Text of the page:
Professors help to bridge American-Chinese communication gap

WCU and Honghe students prepare to present their research and perspectives on “Creationism and Evolution.” The students are (from left) David Fernandez, Kirsten Townsend and Bezawit Seyoum from WCU and Li Chen, Hanmei Hua and Yuying Ji from Honghe. (Photo courtesy of Katerina Spasovska)

A semesterlong intercultural communication collaboration between students at Western Carolina University and Honghe University in Yunnan Province, China, culminated Dec. 5 in WCU’s first-ever real-time synchronous presentations with a student peer group at a Chinese university.

WCU students in an “Intercultural Communication” class taught by Jim Manning, associate professor of communication, and Honghe University students in Sihong Li’s advanced English classes spent the fall 2017 semester developing group presentations while simultaneously building their intercultural communication skills.

“The stated learning outcomes were pretty simple,” Manning said. “U.S. students would uniquely benefit through the exchange of ideas and perspectives with a culture vastly different from their own; Honghe students would benefit likewise plus improve both their English speaking and writing skills. But, I think everybody involved – from the students, professors and the Instructional Technology folks that helped make this happen – learned so much more.”

Many of the 84 Chinese students participating in the project were from rural areas, and this was their first opportunity to communicate using English with native English speakers.

“It was a fantastic experience for them (the Chinese students) for they not only had the opportunity to practice their English skills, but, more importantly, they learned how to become better communicators across cultures by working with WCU students,” Li said. “Although they may have a language barrier, they enjoyed interacting with their new American friends – sharing and expressing from different perspectives of both cultures.”

Manning and Li first met in the fall of 2016 when Li was a visiting instructor in WCU’s Department of World Languages and accepted Manning’s invitation to help a group of intercultural communication students conducting research on Chinese culture.

Before Li left for China this past summer, she and Manning met several times and developed a plan to pair six groups of students from WCU and Honghe University in an intercultural collaboration during the fall semester. Each group was assigned a specific topic and set of readings with the goal of co-presenting their findings and perspectives in a live, final group presentation via virtual conference software.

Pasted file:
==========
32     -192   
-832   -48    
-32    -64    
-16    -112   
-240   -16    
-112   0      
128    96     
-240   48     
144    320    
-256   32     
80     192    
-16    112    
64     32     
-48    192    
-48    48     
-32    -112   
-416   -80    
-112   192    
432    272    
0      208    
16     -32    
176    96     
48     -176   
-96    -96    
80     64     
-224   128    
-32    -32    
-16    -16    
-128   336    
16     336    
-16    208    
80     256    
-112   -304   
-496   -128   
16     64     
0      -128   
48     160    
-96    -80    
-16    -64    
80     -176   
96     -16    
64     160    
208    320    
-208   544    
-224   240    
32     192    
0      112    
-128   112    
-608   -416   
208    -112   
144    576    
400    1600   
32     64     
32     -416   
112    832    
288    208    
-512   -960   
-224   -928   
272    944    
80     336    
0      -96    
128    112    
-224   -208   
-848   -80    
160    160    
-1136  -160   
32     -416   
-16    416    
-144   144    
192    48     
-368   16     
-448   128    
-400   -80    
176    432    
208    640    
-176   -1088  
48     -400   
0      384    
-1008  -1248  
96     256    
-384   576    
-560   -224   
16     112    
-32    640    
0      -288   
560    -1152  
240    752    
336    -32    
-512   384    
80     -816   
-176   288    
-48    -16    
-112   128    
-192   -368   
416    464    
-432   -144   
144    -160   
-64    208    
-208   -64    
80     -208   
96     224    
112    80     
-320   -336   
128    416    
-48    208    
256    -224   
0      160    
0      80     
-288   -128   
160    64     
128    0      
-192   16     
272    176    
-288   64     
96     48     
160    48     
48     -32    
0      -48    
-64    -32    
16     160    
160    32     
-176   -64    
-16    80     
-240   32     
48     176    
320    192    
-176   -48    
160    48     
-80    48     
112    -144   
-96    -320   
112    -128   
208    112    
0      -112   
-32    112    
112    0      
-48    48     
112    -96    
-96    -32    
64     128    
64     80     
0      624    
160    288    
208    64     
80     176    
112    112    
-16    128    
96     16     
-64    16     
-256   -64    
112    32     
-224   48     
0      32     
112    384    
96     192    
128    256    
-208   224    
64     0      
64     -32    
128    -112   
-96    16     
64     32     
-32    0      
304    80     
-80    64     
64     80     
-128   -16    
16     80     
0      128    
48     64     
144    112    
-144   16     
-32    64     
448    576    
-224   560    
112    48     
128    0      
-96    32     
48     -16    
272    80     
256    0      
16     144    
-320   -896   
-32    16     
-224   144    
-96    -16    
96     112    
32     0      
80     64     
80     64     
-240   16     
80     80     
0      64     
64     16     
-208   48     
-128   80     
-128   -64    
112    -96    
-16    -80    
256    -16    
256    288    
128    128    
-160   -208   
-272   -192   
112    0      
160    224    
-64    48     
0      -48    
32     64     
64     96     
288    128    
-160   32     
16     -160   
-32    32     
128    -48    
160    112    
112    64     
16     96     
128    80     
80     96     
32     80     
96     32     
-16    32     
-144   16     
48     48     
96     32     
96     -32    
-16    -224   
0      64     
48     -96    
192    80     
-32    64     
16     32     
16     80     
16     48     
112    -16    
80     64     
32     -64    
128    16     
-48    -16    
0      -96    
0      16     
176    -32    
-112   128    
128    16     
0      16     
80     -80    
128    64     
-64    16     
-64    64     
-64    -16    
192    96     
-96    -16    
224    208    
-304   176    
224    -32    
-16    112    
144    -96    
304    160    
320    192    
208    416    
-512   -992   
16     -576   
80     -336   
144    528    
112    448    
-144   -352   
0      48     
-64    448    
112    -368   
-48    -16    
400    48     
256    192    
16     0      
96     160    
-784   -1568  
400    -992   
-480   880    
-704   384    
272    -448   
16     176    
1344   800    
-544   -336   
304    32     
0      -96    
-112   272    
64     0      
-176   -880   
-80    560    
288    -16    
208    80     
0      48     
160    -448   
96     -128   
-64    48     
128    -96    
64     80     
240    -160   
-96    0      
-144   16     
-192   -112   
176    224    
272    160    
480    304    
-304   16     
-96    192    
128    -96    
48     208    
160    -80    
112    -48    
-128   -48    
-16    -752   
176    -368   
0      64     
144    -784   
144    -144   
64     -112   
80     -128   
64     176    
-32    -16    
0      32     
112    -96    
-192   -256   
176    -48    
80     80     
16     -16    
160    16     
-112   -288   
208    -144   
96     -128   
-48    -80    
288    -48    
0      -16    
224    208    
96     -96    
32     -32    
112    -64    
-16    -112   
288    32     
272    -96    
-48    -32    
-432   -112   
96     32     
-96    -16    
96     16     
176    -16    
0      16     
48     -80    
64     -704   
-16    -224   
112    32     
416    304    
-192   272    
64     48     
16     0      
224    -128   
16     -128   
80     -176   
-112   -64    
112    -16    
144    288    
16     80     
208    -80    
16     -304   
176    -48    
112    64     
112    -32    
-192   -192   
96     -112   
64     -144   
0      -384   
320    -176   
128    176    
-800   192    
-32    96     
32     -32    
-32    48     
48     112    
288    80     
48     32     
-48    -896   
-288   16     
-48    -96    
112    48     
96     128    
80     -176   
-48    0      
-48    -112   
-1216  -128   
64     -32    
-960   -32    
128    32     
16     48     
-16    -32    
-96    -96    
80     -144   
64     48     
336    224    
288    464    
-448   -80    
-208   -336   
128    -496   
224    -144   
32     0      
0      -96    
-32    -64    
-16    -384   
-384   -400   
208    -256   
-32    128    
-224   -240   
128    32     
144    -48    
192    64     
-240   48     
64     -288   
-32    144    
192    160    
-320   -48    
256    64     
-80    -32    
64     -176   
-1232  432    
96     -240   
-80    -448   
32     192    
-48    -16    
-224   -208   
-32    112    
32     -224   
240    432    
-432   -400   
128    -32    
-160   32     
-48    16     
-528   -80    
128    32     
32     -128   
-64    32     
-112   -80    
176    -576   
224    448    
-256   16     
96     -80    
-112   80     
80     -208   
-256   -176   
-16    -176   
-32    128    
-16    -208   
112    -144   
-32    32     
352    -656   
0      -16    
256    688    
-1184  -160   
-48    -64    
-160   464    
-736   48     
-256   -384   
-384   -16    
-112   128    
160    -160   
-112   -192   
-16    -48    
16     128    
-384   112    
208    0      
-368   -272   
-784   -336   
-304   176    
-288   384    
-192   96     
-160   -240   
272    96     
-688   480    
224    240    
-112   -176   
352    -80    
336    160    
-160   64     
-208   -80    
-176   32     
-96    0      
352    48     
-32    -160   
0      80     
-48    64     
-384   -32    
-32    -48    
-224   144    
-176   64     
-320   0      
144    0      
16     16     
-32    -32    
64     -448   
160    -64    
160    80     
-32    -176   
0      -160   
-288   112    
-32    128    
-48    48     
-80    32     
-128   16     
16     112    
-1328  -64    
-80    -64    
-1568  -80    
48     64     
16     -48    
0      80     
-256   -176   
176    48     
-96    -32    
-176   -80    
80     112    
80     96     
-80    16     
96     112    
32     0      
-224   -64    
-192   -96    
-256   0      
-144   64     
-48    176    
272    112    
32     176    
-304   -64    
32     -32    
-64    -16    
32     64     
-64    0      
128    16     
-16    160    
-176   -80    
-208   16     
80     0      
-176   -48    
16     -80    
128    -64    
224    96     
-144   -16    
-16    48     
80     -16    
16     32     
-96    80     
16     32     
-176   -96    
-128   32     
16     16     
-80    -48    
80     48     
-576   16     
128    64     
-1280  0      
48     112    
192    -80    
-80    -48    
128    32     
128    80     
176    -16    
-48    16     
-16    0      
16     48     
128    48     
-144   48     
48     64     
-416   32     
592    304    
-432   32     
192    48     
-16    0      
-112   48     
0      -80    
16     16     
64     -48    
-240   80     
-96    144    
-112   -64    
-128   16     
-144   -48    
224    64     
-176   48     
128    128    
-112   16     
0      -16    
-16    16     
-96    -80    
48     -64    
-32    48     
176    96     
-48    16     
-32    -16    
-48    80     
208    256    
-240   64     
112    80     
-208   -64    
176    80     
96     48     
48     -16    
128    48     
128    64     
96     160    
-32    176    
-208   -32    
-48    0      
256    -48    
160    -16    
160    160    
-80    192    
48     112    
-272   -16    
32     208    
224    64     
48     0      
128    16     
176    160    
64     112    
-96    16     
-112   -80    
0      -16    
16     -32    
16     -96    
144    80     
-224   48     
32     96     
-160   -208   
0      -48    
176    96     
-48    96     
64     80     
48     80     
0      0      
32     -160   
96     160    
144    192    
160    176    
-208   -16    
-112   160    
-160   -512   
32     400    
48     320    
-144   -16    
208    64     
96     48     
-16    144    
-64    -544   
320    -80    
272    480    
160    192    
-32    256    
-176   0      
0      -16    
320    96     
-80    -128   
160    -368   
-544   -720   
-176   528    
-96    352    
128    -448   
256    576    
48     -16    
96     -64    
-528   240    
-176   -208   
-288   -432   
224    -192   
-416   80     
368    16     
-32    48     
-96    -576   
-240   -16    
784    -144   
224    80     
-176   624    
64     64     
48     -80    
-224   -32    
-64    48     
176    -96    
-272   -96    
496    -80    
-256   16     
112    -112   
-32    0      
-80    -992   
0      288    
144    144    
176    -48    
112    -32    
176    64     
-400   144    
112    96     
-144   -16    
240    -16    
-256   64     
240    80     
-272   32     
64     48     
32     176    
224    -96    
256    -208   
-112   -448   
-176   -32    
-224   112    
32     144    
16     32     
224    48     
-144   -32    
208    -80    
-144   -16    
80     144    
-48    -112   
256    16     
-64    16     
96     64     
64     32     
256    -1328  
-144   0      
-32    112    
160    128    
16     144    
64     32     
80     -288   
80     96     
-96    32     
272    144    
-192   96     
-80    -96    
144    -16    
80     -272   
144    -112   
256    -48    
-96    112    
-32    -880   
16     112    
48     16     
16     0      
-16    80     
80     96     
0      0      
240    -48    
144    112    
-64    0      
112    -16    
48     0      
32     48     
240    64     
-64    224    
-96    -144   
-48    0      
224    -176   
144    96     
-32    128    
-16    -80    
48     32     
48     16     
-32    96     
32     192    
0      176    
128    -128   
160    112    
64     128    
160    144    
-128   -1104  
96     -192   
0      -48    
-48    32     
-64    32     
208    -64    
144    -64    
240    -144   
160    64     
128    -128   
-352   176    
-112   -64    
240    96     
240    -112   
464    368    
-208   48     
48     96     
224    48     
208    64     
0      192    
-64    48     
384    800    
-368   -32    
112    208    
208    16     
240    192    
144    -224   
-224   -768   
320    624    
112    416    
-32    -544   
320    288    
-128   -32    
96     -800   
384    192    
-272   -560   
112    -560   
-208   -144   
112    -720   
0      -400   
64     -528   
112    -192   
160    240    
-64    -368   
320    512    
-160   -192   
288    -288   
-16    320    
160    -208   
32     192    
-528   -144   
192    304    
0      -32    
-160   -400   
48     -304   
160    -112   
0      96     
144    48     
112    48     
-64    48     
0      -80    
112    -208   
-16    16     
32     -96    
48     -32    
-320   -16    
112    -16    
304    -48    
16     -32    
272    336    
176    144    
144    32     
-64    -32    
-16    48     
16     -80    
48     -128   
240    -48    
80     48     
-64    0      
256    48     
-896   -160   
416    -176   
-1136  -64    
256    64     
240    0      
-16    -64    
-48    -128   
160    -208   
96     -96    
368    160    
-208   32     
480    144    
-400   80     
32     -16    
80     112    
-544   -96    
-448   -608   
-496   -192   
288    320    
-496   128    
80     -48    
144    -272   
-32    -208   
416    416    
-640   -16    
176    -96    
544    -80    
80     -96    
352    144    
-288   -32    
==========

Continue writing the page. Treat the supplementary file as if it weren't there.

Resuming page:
During the months of October and November, student groups from both universities were required to document their exchanges via daily communication logs of their research and interactions via WeChat, which is a Chinese platform similar to Skype. The communication logs verified the groups’ research progress on their assigned topics, which ranged from how the respective governments responded to natural disasters to more controversial topics such as race, ethnicity and government ethics.

For the final project, WCU students presented from the Cordelia Camp Building Teleconference Room, which features full motion video and audio. The center is primarily used for synchronous classes with other University of North Carolina System schools. The Chinese students presented from a similar facility in China.

“We’ve never ran an international class with such a high degree of interactivity, and we are happy Dr. Manning had the vision to pursue this,” said Zachary Phillips, IT video services manager. “Managing the technology between the two sites was complicated by time differences, as well as the fact that China has its own version of various applications, but the Chinese infrastructure appeared very modern.”

“It was a great experience, and not just for the technology, but to see the looks on the students’ faces. They were so engaged and interested to actually see and hear the peers they had been working with all semester. I hope more faculty will do this kind of thing,” Phillips said.

WCU student Ian Berryman, a communication major with a concentration in broadcasting from Marietta, Georgia, concurred that the experience was meaningful from the U.S. student perspective. “It has been a hectic, but good, learning experience,” he said. “I don’t think I would’ve had this exposure and perspective without taking this class. In addition to the challenges of communicating with the Chinese students, I also learned the Chinese culture, with its restrictions and curfews, was much different than I expected.”

Manning also believe his students witnessed firsthand the work ethic and solidarity of the Chinese, as well as developed a greater appreciation for the value and confines of American culture’s notions of individual expression. “We learned we need to be so much more flexible if we are to work with others half a world away,” Manning said.

Li said she believes helping individuals, especially young people, understand cultural differences is increasingly important. “At a time when the world is shrinking into a ‘village,’ it is our responsibility to build a bridge for the young generations from different countries to come together and learn from each other,” she said.

Although there were many challenges and obstacles to overcome during the project, both Manning and Li say they are interested in continuing the collaboration. Their immediate goal is to write a journal article so they can share what they’ve learned with the larger academic community.

For more information about the American-Chinese intercultural communication collaboration, contact Manning at